Rubinstein-Taybi syndrome: A report of two siblings with unreported cutaneous stigmata
35-F, Sector-7, SFS Flats, Jasola Vihar - 110 025, New Delhi
|How to cite this article:
Bansal S, Relhan V, Garg VK. Rubinstein-Taybi syndrome: A report of two siblings with unreported cutaneous stigmata. Indian J Dermatol Venereol Leprol 2013;79:714-717
Rubinstein-Taybi syndrome is a rare congenital neurodevelopment disorder characterized by facial dysmorphism, growth retardation, mental deficiency and a variety of systemic abnormalities.  Less than 30 cases have been reported so far in the published Indian literature. Diagnosis is often delayed due to non-familiarity with the classical diagnostic features of the syndrome. Dermatological stigmata like hirsutism, hemangiomas, keloids and pilomatricomas have been described but there is not enough evidence to support their consistent association with the syndrome.  We report multiple exuberant keloids, dermatoglyphic abnormalities and vitiligo along with other classical features in two siblings with Rubinstein-Taybi syndrome. Cutaneous stigmata seen in the previous reports have also been reviewed.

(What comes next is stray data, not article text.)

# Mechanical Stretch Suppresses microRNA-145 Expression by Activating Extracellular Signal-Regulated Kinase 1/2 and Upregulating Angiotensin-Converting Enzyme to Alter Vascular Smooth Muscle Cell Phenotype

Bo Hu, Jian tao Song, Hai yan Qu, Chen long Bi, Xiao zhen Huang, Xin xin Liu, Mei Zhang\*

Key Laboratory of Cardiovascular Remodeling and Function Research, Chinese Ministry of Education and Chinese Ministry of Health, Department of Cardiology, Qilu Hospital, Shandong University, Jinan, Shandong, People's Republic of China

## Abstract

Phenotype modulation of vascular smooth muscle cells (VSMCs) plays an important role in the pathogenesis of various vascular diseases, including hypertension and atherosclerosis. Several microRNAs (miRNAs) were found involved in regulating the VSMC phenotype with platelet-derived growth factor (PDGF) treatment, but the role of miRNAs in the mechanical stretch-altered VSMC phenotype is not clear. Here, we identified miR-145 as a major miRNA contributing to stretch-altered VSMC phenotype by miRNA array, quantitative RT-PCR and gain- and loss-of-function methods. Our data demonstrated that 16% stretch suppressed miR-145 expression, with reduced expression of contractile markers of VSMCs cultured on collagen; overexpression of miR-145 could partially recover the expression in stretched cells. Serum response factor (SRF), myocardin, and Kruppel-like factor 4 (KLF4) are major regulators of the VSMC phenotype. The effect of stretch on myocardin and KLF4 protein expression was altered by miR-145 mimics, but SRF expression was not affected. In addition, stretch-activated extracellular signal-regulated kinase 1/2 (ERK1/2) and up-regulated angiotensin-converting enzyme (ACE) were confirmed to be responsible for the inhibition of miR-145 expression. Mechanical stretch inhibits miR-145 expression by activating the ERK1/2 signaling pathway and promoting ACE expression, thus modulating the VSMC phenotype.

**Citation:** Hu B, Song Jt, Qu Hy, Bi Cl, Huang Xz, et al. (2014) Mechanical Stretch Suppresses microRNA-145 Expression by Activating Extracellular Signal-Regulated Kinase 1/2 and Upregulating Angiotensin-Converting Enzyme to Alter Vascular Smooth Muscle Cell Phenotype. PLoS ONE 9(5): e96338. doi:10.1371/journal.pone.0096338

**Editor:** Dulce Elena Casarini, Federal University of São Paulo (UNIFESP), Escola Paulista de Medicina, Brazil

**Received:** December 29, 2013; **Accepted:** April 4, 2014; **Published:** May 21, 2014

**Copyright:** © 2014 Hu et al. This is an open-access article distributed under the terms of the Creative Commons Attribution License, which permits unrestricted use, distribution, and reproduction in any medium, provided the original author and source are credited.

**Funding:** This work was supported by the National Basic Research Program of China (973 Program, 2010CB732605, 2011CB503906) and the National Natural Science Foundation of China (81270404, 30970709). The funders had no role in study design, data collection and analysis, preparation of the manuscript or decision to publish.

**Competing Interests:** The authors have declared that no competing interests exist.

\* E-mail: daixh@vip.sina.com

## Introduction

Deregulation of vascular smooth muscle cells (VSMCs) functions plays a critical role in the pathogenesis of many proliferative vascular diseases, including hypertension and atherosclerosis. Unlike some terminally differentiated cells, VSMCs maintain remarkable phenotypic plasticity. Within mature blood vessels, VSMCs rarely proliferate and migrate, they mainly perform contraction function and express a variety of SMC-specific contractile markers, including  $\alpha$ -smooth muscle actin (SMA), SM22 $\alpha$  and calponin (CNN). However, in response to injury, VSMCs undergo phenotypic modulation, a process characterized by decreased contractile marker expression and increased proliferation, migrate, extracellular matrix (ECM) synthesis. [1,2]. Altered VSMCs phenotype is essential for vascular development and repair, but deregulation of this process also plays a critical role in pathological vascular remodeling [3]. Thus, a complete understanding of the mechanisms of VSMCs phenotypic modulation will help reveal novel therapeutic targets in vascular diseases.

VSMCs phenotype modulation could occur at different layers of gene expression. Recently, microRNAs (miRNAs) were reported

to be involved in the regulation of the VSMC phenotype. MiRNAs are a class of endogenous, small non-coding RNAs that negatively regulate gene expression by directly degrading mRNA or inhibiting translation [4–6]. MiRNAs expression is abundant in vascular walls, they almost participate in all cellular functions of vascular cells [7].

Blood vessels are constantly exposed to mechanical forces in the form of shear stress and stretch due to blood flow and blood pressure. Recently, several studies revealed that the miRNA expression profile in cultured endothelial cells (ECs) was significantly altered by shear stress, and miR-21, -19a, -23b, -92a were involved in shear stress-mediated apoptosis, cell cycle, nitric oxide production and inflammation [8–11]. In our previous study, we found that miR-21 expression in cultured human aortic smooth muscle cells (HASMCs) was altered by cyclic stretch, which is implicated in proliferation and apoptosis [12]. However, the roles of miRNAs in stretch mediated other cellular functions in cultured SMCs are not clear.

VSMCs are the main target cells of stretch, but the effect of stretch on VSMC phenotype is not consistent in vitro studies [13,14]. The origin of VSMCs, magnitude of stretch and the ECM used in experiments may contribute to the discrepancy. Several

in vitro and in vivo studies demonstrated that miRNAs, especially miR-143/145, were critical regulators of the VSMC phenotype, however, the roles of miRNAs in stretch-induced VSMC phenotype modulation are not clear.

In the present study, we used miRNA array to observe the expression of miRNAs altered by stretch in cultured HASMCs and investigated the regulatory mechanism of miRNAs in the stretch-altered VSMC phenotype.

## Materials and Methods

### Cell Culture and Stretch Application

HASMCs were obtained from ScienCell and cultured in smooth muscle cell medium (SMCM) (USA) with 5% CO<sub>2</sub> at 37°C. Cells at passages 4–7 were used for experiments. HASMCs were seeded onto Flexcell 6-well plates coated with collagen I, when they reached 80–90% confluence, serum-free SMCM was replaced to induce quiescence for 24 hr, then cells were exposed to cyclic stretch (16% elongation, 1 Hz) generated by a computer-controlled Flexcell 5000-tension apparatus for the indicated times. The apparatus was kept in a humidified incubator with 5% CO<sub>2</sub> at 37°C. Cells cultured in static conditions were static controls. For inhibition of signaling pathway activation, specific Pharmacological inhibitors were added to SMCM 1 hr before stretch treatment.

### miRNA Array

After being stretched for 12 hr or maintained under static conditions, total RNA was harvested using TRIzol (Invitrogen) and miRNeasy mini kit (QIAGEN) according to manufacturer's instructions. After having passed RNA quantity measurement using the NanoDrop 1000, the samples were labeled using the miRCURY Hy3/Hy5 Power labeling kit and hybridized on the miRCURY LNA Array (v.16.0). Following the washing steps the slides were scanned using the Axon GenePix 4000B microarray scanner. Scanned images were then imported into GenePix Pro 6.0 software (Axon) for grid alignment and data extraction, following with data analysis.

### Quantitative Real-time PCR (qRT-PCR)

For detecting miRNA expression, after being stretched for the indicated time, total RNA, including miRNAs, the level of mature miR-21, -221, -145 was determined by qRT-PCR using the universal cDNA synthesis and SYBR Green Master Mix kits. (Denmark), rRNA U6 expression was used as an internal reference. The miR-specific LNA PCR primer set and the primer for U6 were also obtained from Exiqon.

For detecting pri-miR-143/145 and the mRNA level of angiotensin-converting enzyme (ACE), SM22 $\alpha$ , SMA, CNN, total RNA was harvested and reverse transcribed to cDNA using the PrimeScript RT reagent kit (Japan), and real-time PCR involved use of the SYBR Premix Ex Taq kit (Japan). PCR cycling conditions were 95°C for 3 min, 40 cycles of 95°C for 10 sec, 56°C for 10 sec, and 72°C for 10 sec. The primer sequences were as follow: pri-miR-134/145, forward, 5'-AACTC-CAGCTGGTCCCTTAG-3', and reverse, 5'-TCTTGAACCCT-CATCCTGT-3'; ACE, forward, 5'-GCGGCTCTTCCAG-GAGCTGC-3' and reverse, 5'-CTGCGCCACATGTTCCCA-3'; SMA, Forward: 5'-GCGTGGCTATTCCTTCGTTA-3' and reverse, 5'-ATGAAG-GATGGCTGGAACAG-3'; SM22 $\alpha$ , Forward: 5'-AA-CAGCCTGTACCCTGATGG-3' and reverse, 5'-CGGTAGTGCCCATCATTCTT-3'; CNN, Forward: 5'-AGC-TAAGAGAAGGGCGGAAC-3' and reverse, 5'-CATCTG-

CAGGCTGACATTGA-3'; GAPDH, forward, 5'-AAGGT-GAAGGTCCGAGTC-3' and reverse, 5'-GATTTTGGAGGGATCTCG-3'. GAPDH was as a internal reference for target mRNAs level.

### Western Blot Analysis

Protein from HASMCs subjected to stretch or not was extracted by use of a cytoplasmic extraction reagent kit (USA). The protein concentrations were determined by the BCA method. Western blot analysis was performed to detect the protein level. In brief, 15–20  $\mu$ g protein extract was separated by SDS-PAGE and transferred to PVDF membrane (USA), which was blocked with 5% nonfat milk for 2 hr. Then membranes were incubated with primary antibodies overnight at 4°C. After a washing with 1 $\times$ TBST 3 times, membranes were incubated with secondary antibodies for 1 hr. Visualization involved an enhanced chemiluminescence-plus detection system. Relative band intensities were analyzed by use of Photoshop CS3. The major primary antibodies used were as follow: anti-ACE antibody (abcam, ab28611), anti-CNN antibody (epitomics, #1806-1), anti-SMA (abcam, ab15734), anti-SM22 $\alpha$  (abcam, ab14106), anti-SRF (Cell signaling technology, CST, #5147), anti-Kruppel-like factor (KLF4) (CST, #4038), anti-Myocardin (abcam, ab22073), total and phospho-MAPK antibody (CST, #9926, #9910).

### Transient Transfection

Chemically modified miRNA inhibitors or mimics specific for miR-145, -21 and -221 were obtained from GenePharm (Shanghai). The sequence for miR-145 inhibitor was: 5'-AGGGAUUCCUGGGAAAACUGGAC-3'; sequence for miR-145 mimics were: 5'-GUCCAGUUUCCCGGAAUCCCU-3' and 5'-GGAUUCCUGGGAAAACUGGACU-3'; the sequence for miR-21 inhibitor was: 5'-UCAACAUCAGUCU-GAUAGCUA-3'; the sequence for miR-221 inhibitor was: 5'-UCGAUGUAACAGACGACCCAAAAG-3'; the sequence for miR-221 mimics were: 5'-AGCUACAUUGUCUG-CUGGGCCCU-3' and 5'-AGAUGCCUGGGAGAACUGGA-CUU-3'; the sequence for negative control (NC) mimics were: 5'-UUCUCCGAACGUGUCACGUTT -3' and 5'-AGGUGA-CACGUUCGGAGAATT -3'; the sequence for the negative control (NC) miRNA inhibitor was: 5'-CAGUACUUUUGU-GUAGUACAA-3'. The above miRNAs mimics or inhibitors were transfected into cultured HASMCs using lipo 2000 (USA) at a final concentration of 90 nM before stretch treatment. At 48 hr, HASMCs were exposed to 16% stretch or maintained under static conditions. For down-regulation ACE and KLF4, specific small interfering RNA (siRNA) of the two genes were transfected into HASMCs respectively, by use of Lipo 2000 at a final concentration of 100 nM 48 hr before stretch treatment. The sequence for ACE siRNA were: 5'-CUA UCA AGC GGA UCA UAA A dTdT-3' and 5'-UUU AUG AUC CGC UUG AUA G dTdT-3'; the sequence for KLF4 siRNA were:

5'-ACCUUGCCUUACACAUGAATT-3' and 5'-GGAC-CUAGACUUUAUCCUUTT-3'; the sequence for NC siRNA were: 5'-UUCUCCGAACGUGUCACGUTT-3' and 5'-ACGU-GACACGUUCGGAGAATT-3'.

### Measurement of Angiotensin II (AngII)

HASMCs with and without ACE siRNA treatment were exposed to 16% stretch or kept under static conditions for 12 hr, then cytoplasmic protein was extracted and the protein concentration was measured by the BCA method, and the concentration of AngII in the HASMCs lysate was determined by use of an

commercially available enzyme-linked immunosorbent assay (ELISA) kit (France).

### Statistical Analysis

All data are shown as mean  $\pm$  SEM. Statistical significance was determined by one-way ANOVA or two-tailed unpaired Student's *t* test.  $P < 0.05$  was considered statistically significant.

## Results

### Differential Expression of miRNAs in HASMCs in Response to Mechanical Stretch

A 18-year-old male born out of consanguinous marriage presented to the outpatient department of our tertiary care hospital with multiple raised scars over the body for 8 years. The lesions appeared spontaneously without any history of preceding trauma, pustular lesions, injections, or burns. There was history of occasional itching in the lesions. Patient gave history of similar lesions, though of a lesser severity in the elder brother.
On examination, there were multiple keloidal scars present over the chest, abdomen, shoulders, back and thighs [Figure - 1]. The patient had distinct facial features with an antimongoloid slant of palpebral fissures, thick eyebrows, long eyelashes, a prominent beaked nose and less developed alae nasi [Figure - 2]a. The columella extended well below the nares. The ears were small, and posteriorly rotated. Microstomia with hypoplastic maxilla were present. Intraoral examination revealed a high arched palate. The teeth in the upper jaw were malpositioned and most of them showed caries, though talon cusps, a distinct finding in this syndrome was not observed in our patient [Figure - 2]b.
|Figure 1: Patient showing multiple keloidal scars over chest, abdomen and back|
|Figure 2: (a) Dysmorphic facial features with antimongoloid slant of palpebral fi ssures, thick eyebrows, prominent beaked nose and hypoplastic maxilla (b) Intraoral examination showing malpositioned teeth in the upper jaw (c) Examination of the feet revealing short and broad halluces|
The gait, muscle tone and overall anthropometric measurements of the patient were within normal limits. He had broad thumbs and broad short halluces [Figure - 2]c. The middle finger of the left hand was slightly deviated towards the ulnar side [Figure - 3]a. The patient also showed supernumerary digital flexion creases on the middle finger of right hand, and index and ring fingers of left hand [Figure - 3]b.